Was your father, noted action director Veeru Devgn, keen that you become an actor? What influence did he have on you?
I wanted to be more behind the camera. But my father wanted me to be in front of the camera and be an actor. I used to be with him on sets when I was in school, and in fact, when I was 14-15 years old, I used to help him with edits. Then he started leaving things on me to edit and I did a lot of sequences here and there for him. He used to take a shot at that time, when there used to be no CGI, and come to me and ask me how I would take it. Because he had got me a camera, I would shoot the scene the next day and tell him how he could do it. All this I have learned from him.
What is the most challenging part about parenting these days?
To understand children and actually to follow them. Because I still struggle because we have our own point of view and they have their own point of view. So you have to start understanding their point of view. And you have to start following their point of view.
Like, for instance, when they are saying don’t be over dramatic, they don’t mean they don’t love you. But the whole generation has changed. The way they emote has changed completely, and that takes time to understand. It is the same old saying of the generation gap, of no matter how cool you are, it is still there.
You have been around for more than 20 years and obviously, there are new actors arriving on the scene. Do you see a difference in the way they function and the way when you had started out?
They are very well-planned, well-prepared and much more dedicated than all of us. I have seen how they prepare for their work. When they are working, it is just work for them. For us, it was fun because we have been brought up like that. At that time, the whole atmosphere in the industry was like that. So we had to adapt but they have come really prepared.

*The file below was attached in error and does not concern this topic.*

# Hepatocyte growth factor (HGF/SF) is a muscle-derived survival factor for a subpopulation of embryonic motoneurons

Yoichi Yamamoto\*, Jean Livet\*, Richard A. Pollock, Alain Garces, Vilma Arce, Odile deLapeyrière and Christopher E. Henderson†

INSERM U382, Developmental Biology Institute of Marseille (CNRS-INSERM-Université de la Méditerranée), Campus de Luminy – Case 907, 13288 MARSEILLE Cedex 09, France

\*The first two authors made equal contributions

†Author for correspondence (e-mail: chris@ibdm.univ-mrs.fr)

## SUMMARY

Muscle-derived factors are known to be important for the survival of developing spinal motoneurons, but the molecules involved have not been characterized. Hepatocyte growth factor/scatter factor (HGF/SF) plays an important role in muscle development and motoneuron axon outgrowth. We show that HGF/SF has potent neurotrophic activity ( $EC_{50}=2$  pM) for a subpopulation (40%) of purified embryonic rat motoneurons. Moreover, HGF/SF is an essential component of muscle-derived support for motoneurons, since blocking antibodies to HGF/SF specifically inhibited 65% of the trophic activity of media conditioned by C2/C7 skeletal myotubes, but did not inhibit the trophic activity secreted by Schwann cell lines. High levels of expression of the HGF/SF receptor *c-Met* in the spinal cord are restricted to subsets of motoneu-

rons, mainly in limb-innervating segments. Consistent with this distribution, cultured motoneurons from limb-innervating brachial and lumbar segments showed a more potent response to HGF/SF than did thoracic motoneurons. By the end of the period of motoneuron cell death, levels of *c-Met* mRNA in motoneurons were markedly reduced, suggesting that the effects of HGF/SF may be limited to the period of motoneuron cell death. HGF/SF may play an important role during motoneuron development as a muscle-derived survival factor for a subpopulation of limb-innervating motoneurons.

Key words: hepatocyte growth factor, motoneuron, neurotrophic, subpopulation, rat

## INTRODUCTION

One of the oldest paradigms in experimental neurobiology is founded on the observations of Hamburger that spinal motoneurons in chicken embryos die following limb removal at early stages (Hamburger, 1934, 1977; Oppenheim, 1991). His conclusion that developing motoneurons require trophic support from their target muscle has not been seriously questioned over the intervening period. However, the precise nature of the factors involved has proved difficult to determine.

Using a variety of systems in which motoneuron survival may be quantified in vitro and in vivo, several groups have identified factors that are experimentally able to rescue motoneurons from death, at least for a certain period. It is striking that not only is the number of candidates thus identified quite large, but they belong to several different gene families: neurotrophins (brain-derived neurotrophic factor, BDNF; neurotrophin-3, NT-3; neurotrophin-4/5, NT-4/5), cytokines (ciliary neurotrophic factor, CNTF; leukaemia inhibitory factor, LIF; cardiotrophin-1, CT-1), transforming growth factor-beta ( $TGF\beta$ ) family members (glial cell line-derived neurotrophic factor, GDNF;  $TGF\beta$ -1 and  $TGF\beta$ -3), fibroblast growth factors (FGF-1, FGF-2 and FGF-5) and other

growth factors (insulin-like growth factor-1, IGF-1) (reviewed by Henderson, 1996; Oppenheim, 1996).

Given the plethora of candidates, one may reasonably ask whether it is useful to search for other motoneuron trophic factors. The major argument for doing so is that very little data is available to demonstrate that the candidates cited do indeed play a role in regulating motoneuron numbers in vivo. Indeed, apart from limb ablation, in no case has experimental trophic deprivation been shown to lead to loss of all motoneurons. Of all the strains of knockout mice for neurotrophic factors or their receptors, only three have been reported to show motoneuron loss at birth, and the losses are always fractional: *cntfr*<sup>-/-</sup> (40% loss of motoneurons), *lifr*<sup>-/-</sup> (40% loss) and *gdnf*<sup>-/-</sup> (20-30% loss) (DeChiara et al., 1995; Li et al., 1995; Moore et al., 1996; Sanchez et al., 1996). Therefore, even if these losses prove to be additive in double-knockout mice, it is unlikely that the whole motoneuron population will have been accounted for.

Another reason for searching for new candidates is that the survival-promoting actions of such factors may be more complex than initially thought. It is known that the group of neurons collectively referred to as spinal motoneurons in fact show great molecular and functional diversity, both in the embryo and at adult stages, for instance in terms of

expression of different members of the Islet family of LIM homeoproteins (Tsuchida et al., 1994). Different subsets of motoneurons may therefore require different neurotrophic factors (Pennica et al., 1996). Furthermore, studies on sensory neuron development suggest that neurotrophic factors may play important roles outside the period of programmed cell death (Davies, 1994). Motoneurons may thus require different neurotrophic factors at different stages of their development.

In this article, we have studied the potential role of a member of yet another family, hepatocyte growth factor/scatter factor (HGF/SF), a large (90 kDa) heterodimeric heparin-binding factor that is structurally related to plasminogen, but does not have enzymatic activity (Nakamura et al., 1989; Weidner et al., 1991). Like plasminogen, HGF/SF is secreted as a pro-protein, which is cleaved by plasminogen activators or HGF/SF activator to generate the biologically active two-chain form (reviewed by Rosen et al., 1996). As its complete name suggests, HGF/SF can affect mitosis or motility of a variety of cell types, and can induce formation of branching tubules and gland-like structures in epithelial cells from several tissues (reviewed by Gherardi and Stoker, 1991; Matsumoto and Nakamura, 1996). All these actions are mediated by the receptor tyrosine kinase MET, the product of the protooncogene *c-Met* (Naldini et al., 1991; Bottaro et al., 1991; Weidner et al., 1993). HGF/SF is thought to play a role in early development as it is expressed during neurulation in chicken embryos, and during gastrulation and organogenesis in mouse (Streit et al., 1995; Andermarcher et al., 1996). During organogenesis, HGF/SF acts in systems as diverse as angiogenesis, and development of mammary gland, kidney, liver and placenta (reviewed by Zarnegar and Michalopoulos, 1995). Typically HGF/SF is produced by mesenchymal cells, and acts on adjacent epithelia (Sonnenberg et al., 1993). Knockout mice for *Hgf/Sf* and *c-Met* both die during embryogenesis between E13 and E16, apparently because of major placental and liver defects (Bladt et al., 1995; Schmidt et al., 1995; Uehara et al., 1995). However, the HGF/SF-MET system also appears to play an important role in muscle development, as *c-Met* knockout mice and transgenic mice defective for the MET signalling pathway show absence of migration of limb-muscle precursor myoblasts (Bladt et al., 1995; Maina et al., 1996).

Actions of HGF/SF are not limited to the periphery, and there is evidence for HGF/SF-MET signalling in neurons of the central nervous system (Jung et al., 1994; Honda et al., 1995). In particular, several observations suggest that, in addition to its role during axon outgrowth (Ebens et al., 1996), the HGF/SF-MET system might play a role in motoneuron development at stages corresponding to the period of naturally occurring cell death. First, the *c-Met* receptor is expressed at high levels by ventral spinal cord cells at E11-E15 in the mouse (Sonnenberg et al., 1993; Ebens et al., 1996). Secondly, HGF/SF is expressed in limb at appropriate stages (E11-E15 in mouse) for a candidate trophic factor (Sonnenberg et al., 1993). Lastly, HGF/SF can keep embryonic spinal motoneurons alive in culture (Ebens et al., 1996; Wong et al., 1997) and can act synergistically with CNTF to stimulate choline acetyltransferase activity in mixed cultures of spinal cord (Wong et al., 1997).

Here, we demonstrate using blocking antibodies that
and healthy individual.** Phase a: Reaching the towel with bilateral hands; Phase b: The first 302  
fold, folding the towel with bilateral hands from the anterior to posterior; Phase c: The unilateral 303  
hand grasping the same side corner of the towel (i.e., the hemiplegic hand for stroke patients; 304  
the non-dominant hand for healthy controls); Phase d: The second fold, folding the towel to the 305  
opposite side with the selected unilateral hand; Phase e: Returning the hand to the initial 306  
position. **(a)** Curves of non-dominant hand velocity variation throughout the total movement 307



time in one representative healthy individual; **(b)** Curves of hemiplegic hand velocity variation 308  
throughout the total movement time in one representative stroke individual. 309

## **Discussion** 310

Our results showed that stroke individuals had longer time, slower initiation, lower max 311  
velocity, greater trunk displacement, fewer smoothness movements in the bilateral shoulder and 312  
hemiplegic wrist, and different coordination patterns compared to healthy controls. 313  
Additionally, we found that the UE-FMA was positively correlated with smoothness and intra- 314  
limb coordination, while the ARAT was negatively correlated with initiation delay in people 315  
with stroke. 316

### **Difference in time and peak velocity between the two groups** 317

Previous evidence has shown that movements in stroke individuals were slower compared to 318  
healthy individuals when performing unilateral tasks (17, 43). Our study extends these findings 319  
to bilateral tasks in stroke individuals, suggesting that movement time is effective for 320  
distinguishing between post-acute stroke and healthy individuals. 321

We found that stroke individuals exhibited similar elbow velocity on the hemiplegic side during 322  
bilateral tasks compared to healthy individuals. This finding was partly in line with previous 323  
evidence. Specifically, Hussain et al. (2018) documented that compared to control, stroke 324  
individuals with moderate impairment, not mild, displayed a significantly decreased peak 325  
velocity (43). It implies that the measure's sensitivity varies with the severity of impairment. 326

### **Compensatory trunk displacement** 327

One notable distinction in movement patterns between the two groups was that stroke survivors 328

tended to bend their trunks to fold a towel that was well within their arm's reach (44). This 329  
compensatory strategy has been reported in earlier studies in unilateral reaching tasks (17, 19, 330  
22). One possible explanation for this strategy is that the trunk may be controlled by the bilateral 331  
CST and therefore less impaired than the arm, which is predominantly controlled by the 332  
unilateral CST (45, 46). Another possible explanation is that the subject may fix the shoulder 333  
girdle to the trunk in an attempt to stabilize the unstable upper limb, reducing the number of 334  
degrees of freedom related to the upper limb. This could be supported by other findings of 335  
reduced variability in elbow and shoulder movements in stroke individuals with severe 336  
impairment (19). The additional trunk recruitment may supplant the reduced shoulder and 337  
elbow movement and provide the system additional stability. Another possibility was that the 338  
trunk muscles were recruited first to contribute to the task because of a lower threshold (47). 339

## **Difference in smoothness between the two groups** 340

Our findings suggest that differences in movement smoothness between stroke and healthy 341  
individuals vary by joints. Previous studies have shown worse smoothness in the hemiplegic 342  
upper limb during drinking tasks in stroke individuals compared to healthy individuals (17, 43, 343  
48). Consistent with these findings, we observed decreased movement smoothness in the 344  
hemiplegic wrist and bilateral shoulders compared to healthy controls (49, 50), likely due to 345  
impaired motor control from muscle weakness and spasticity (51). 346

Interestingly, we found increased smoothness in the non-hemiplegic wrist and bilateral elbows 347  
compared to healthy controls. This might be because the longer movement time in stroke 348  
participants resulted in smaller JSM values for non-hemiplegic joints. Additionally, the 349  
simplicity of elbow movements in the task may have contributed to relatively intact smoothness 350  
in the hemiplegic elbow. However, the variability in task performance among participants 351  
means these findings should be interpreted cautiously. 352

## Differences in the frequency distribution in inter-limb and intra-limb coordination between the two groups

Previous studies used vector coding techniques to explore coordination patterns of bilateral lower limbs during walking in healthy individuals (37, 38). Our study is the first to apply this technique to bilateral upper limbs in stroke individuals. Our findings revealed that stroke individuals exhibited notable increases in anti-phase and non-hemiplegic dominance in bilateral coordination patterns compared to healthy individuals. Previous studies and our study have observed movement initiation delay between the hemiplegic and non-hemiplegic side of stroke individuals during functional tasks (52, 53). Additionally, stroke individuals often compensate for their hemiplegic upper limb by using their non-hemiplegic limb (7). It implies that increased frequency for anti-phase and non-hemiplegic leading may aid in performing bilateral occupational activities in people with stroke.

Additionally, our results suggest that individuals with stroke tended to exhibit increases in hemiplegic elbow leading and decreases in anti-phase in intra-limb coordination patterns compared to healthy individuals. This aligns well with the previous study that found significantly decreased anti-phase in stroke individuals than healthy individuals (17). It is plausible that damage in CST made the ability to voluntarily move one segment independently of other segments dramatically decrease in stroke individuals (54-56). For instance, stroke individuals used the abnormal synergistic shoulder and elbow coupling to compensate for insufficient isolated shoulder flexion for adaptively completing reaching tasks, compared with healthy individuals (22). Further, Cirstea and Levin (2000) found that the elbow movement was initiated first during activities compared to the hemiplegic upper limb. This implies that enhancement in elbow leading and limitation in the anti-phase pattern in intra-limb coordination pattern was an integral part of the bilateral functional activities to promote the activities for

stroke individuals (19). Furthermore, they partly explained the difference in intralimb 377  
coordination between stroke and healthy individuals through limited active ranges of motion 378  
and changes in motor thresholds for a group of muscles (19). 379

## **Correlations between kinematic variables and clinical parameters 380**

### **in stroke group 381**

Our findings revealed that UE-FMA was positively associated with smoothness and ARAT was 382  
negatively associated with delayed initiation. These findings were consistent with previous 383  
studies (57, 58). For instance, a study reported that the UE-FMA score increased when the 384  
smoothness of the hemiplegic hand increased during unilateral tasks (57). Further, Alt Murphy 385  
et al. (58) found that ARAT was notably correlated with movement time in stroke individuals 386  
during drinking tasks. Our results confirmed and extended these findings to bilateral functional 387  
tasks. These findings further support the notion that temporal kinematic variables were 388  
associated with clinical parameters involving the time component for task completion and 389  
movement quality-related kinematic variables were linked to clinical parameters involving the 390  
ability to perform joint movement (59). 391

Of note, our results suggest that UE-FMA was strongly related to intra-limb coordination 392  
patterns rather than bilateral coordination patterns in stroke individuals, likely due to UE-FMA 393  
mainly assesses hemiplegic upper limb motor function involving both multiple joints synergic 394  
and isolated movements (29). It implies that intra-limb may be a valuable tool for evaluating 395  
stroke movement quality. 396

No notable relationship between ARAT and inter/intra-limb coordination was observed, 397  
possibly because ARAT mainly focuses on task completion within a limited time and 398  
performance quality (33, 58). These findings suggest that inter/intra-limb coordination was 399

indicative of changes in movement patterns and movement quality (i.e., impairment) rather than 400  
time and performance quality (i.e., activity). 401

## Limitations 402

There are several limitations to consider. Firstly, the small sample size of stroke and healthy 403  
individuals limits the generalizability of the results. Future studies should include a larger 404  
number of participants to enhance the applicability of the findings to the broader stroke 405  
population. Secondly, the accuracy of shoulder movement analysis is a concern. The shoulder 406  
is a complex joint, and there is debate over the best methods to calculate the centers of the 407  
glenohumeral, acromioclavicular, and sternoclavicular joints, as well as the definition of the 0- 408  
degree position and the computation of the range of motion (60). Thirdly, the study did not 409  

Your first movie (Phool Aur Kaante, 1991) released around the same time as Lamhe. What was the reaction when your film succeeded at that time?
Anilji (Kapoor) had told me not to release the film on that day. I said that I am a newcomer and I have no say in such things. He said you will suffer. I said whatever has to happen will happen. And then the vice-versa happened. So he met me and said that it was damn good. But it was so sporting. That was the kind of atmosphere and support, which was there at that time.
Has that changed?
Not among all of us who are here since then. I don’t know about the new generation but the support is always there although it has become a lot more personalised. People are more worried now because there is a lot to lose, and a lot at stake. So the first reaction is how do I protect myself and that is how it has become now. I do not blame anybody.
People often talk about your intensity and term you as an intense actor. Did you ever model yourself on anyone?
I didn’t want to be labelled as an intense actor. In fact, I didn’t want to be labelled at all, which has changed now. People say that I can do comedy, intense roles and action too. So I am happy in that zone. That makes you feel complete.
Nowadays, we hear a lot about the #MeToo campaign in Hollywood. How do you think Bollywood is addressing the issue?
I think they have. The fact is that there is no industry in the world where such a thing is not happening. Here, there is exposure. So if I say something, it is noticed. In the rest of the places, nobody will bother to hear it. It is happening everywhere. I am happy that if they are doing this, people will hear and maybe other industries can also start speaking like this.
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